The obit reminded me of an experience, evidently common among my young female contemporaries, in my college days. HH had built his hideous Gallery of Modern Art, one of Edward Durrell Stone's more unfortunate creations, on the south rim of Columbus Circle. The art in there was pretty bad, since HH, as you can read in the Times piece, eschewed any of the then currently respected trends. I paid a visit to the windowless gallery one day and was accosted by an older, well-dressed man who asked me how I liked the pictures. I don't remember my reply, but he then confessed that he was the owner of the gallery and tried to pick me up. I managed to scoot away and later had an amusing anecdote to tell my girlfriends: "Huntington Hartford tried to pick me up! Ha ha!" Sometime later, my mother informed me that a friend of hers had actually bragged (the woman was a rather naïve provincial) that HH had tried to pick her daughter up in his gallery. My mother, highly amused and slightly more worldly, said, "My daughter, too!" Apparently every reasonably attractive young woman of the era was fair game. Perhaps HH had even built the gallery to attract new feminine possibilities. Certainly a classier joint than a pickup bar at any rate, windows or no.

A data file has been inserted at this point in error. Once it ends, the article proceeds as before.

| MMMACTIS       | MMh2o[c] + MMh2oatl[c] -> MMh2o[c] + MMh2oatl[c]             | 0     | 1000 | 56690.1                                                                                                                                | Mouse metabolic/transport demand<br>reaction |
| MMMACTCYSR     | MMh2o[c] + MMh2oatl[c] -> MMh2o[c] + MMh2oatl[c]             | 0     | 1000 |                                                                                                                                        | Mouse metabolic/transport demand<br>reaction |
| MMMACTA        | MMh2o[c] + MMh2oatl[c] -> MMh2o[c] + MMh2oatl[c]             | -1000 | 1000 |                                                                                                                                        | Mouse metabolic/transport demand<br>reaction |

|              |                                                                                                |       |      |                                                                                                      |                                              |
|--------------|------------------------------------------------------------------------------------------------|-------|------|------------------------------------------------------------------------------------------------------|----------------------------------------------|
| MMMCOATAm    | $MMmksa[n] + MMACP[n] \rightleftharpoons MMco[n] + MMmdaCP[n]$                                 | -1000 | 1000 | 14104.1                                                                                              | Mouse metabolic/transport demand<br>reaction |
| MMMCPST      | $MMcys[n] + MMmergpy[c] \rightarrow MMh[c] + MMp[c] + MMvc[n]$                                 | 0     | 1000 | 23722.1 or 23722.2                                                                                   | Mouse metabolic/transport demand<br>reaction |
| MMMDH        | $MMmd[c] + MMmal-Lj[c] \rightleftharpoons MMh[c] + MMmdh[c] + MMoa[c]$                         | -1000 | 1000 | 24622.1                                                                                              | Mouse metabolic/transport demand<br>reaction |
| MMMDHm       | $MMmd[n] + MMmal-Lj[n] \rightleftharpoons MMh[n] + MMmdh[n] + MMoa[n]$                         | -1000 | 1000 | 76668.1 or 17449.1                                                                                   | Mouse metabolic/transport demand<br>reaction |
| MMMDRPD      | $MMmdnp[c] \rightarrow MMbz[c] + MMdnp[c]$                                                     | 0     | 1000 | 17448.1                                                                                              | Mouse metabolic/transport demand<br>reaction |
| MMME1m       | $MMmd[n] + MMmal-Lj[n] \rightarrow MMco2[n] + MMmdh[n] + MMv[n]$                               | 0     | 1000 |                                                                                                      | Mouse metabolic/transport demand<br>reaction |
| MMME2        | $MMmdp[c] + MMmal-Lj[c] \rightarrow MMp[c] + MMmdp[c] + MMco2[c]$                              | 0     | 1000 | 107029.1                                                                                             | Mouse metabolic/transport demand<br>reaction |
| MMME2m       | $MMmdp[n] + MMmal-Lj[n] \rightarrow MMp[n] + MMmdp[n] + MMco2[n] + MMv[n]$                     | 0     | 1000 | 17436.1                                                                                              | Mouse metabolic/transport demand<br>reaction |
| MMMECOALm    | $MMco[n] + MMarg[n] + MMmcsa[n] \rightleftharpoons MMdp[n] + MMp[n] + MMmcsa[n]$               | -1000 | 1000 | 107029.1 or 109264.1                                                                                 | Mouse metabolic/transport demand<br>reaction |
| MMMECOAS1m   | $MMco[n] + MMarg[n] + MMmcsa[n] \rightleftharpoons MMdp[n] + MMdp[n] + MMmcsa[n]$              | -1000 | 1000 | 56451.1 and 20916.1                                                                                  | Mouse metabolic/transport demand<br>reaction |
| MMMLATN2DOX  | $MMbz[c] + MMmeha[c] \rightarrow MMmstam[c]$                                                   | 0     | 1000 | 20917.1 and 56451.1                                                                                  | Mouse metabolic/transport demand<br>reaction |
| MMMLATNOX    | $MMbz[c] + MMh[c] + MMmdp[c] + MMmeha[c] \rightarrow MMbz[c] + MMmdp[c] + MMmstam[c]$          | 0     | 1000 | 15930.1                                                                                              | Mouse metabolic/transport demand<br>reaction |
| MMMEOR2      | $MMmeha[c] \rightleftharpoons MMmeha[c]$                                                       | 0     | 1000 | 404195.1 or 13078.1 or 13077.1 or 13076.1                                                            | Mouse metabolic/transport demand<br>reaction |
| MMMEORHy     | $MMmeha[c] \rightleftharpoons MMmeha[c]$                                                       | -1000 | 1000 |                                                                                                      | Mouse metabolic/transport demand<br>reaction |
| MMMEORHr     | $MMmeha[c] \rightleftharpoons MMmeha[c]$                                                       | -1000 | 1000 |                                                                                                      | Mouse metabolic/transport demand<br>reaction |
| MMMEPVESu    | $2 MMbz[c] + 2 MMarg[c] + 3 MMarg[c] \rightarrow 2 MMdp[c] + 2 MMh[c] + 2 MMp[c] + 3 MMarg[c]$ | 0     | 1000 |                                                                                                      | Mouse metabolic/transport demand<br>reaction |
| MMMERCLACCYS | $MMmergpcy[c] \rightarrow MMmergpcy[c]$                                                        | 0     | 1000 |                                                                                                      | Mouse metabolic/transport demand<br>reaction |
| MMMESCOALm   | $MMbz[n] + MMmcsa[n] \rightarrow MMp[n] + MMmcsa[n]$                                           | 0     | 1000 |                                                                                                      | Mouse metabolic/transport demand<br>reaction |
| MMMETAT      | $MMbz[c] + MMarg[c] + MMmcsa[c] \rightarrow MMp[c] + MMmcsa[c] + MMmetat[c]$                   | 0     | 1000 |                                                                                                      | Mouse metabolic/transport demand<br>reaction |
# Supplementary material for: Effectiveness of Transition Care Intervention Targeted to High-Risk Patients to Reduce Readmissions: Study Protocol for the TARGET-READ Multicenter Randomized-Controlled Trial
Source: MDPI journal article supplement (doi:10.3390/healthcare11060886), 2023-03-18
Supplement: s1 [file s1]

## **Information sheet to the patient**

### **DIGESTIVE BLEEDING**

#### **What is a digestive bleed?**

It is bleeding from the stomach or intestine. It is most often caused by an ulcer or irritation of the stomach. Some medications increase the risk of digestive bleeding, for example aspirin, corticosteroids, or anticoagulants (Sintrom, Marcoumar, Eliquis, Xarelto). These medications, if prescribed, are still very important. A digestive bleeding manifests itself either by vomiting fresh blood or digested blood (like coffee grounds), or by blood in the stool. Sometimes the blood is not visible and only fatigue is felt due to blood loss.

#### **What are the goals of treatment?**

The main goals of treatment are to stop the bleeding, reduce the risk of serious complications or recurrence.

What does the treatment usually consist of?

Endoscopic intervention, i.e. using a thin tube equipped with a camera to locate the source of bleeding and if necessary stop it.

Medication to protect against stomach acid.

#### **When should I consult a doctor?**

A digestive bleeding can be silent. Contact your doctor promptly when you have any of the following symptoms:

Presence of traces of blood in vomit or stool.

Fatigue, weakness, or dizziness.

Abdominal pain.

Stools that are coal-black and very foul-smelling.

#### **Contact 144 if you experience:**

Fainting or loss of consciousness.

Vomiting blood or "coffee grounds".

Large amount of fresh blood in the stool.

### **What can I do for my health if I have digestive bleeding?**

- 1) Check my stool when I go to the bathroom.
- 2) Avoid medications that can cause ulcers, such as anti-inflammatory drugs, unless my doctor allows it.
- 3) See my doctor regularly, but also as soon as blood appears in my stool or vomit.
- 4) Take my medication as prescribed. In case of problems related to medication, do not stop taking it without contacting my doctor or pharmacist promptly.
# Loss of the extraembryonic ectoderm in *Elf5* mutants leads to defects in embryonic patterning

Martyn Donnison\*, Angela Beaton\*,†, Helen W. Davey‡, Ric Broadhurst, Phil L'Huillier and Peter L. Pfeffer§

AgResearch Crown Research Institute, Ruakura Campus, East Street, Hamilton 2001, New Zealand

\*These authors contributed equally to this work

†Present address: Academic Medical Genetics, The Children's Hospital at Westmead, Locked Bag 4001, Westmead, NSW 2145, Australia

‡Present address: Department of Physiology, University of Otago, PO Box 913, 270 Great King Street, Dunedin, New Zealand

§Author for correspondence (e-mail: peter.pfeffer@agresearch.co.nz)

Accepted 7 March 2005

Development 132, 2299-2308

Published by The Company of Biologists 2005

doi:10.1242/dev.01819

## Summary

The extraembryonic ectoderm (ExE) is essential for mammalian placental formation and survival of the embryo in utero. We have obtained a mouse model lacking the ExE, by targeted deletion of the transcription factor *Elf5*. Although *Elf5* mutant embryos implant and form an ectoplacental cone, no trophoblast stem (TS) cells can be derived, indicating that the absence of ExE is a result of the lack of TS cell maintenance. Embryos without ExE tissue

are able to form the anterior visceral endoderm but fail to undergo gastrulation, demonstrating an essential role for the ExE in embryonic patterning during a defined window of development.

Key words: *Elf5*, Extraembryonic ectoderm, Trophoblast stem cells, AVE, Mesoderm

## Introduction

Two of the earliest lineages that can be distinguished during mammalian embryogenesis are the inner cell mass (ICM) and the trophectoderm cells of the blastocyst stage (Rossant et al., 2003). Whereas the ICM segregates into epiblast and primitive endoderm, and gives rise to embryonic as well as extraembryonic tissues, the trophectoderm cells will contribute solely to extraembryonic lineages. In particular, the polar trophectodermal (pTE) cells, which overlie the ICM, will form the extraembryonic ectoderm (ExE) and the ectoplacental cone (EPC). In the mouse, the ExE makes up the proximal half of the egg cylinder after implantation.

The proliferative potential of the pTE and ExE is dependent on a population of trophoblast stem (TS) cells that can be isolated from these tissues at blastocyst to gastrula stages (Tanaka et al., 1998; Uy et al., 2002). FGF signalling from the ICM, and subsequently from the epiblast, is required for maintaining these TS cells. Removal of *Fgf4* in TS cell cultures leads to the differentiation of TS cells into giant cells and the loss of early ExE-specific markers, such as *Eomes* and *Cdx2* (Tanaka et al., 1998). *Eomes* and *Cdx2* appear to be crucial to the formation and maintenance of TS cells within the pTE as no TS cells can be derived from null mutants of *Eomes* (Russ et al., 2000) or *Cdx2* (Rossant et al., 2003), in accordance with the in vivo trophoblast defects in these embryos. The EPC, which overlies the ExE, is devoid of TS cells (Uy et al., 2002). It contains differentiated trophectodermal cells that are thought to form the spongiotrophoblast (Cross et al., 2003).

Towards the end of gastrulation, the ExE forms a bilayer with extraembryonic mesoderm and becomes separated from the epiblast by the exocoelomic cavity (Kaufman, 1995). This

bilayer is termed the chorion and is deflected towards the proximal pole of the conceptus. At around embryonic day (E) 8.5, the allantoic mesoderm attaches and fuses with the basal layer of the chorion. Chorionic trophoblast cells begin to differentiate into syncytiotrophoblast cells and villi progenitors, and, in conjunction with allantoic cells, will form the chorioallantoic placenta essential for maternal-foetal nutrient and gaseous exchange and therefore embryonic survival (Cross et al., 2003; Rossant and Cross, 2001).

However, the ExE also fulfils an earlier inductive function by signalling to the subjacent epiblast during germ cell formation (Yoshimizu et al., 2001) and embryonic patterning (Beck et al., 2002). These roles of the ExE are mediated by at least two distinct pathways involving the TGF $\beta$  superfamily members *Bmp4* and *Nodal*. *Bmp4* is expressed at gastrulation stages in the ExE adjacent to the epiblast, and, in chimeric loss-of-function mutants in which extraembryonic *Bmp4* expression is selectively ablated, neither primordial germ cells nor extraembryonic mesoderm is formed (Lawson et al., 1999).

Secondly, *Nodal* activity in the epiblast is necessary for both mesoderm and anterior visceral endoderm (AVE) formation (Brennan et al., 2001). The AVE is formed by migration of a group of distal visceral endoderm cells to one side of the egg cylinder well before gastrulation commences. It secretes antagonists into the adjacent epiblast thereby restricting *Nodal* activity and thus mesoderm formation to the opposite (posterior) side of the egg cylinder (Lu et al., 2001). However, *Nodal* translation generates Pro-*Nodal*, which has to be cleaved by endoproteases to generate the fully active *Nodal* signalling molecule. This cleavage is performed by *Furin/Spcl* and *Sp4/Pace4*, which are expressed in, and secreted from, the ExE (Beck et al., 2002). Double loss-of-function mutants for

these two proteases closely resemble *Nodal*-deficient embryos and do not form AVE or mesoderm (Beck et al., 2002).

Epilogue: In September 2008, after a reported $90 million renovation, the building is scheduled to reopen as The Museum of Arts & Design. I think it's supposed to have windows this time.